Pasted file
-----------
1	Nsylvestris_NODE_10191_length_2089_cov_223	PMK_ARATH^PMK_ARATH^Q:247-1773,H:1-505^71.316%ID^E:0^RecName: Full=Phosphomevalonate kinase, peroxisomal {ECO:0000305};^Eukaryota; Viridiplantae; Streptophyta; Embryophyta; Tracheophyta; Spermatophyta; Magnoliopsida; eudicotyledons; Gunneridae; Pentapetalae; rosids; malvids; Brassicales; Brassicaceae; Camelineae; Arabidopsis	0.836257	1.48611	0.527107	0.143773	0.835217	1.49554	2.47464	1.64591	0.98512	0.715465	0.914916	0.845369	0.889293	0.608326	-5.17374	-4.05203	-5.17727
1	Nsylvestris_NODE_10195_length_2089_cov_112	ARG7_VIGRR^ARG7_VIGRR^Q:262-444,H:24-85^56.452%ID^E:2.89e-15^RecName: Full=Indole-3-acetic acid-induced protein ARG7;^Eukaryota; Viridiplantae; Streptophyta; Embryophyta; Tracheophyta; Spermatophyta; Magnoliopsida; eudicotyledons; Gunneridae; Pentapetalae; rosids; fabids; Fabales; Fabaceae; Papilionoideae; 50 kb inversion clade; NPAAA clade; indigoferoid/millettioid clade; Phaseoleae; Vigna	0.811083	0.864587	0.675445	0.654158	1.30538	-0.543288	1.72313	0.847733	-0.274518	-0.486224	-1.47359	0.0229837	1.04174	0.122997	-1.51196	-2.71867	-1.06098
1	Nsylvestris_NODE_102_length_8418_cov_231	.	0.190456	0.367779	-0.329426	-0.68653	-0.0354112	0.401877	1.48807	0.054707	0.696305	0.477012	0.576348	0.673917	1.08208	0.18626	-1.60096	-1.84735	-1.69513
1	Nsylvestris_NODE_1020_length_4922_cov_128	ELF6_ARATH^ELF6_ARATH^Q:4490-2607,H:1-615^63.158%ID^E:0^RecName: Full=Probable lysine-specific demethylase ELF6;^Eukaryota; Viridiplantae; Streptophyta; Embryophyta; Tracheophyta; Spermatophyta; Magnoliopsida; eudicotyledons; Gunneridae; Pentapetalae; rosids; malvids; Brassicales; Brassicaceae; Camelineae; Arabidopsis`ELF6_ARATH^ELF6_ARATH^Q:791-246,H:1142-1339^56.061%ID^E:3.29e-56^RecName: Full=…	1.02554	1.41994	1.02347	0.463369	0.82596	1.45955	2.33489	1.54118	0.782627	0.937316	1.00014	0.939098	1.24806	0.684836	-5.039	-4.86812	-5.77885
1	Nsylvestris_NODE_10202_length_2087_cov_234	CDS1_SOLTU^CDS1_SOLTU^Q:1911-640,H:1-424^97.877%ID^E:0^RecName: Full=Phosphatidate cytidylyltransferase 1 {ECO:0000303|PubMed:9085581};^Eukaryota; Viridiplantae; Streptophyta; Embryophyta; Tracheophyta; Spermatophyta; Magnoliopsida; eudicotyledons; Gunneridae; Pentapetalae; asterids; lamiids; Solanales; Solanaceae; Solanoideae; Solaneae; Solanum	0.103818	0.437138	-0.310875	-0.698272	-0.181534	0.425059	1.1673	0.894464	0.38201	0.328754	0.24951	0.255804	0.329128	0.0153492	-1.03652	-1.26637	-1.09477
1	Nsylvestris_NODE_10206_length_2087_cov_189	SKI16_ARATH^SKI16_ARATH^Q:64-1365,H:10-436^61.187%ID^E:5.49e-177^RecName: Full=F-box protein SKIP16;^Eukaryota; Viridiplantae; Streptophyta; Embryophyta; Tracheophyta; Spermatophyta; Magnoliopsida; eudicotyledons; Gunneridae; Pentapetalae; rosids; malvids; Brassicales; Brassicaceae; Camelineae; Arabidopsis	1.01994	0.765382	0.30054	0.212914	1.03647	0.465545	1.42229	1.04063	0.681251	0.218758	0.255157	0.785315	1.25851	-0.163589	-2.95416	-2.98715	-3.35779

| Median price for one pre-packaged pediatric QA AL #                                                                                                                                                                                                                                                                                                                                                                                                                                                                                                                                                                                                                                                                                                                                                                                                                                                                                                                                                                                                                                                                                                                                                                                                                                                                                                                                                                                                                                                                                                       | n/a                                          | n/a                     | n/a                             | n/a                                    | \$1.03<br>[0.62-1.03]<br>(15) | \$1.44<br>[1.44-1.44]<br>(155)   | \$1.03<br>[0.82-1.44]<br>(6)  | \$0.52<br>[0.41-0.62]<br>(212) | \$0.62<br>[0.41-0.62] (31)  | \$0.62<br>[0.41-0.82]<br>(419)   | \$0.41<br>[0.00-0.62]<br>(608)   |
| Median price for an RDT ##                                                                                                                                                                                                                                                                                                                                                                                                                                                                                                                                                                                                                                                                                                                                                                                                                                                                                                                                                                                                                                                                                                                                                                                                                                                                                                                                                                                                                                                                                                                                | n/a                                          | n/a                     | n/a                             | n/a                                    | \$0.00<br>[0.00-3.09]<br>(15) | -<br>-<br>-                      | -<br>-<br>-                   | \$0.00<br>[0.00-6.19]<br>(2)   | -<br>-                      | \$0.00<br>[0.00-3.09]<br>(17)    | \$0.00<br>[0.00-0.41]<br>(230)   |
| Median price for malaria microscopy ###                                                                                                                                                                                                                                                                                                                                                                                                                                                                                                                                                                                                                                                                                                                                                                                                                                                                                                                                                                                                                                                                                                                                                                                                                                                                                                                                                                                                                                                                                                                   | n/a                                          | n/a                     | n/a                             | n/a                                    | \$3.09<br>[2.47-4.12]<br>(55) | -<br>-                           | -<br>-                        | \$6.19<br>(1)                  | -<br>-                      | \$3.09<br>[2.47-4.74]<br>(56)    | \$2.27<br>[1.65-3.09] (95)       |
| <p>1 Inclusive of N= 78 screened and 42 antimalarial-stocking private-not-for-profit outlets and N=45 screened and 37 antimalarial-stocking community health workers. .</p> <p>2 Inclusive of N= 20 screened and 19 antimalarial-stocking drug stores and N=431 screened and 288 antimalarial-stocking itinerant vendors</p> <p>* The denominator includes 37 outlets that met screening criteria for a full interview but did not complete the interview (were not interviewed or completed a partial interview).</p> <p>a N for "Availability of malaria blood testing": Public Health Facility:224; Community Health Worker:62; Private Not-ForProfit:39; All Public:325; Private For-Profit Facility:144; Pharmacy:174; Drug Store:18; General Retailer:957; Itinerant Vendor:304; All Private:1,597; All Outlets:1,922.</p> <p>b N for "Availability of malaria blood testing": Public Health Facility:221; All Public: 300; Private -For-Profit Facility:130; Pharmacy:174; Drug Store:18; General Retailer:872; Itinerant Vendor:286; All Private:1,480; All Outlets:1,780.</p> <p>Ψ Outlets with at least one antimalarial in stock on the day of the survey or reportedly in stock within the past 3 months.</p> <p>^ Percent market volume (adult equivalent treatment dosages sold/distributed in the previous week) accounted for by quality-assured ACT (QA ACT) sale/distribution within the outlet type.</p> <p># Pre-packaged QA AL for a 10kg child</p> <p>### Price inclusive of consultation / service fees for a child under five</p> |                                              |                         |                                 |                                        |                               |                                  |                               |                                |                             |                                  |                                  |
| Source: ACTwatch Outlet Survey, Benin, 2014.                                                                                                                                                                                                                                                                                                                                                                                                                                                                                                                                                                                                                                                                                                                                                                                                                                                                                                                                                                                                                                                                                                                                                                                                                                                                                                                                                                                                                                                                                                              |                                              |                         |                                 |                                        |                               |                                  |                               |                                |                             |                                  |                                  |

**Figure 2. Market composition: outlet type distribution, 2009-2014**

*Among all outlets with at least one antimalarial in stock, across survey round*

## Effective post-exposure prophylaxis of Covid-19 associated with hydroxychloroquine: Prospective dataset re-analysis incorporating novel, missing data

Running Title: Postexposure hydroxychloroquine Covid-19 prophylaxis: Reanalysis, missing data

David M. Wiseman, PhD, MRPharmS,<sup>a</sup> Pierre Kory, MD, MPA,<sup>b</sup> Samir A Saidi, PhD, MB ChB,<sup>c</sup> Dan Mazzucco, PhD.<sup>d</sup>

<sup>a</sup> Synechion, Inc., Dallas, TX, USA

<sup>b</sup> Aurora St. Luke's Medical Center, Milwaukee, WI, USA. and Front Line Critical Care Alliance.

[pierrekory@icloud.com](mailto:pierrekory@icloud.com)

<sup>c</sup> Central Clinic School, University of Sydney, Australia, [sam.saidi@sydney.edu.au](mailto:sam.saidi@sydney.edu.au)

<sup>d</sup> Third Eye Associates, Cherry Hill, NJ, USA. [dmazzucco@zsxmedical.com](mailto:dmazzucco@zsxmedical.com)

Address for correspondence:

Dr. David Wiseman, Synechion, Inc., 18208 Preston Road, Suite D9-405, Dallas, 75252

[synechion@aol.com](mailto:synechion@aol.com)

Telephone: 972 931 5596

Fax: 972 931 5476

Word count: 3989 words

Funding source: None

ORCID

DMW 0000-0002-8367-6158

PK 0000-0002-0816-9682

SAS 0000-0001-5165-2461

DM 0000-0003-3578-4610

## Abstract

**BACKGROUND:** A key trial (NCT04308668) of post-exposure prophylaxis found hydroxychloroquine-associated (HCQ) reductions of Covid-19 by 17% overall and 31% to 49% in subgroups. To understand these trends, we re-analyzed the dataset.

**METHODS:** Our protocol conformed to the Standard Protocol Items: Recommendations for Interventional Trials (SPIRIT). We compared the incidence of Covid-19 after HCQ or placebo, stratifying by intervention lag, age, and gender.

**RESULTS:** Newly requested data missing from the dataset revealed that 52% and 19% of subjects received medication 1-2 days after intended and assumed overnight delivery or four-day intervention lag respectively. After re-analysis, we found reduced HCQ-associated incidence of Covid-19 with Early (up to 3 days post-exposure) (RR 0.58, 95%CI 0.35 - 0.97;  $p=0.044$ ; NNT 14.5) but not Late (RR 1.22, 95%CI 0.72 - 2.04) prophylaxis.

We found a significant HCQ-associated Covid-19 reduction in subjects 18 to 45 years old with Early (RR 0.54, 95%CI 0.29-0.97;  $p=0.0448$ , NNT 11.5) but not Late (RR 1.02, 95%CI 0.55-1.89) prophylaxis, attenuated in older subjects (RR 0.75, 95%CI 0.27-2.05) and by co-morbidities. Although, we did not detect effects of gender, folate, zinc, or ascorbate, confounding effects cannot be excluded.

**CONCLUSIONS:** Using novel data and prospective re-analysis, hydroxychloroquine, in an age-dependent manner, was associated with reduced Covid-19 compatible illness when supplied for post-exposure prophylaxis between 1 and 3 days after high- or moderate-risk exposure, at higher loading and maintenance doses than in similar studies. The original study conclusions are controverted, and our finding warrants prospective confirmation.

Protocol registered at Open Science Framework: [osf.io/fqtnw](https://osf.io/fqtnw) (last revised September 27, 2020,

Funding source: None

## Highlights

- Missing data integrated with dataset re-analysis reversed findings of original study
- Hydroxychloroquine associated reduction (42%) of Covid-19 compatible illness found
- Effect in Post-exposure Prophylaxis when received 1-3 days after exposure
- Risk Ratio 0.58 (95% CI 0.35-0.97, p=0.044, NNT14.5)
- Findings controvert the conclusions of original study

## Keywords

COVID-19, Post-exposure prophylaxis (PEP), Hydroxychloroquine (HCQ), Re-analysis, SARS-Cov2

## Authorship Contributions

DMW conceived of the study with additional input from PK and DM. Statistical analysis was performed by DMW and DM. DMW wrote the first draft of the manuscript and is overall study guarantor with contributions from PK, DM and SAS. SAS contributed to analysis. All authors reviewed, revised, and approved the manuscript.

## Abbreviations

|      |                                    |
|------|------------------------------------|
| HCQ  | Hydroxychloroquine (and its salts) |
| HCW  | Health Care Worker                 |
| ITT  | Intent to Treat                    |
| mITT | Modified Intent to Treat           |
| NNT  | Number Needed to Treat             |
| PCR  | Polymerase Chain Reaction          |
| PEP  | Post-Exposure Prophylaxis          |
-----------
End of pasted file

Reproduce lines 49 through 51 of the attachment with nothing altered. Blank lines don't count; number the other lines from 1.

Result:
COVID-19, Post-exposure prophylaxis (PEP), Hydroxychloroquine (HCQ), Re-analysis, SARS-Cov2

## Authorship Contributions

DMW conceived of the study with additional input from PK and DM. Statistical analysis was performed by DMW and DM. DMW wrote the first draft of the manuscript and is overall study guarantor with contributions from PK, DM and SAS. SAS contributed to analysis. All authors reviewed, revised, and approved the manuscript.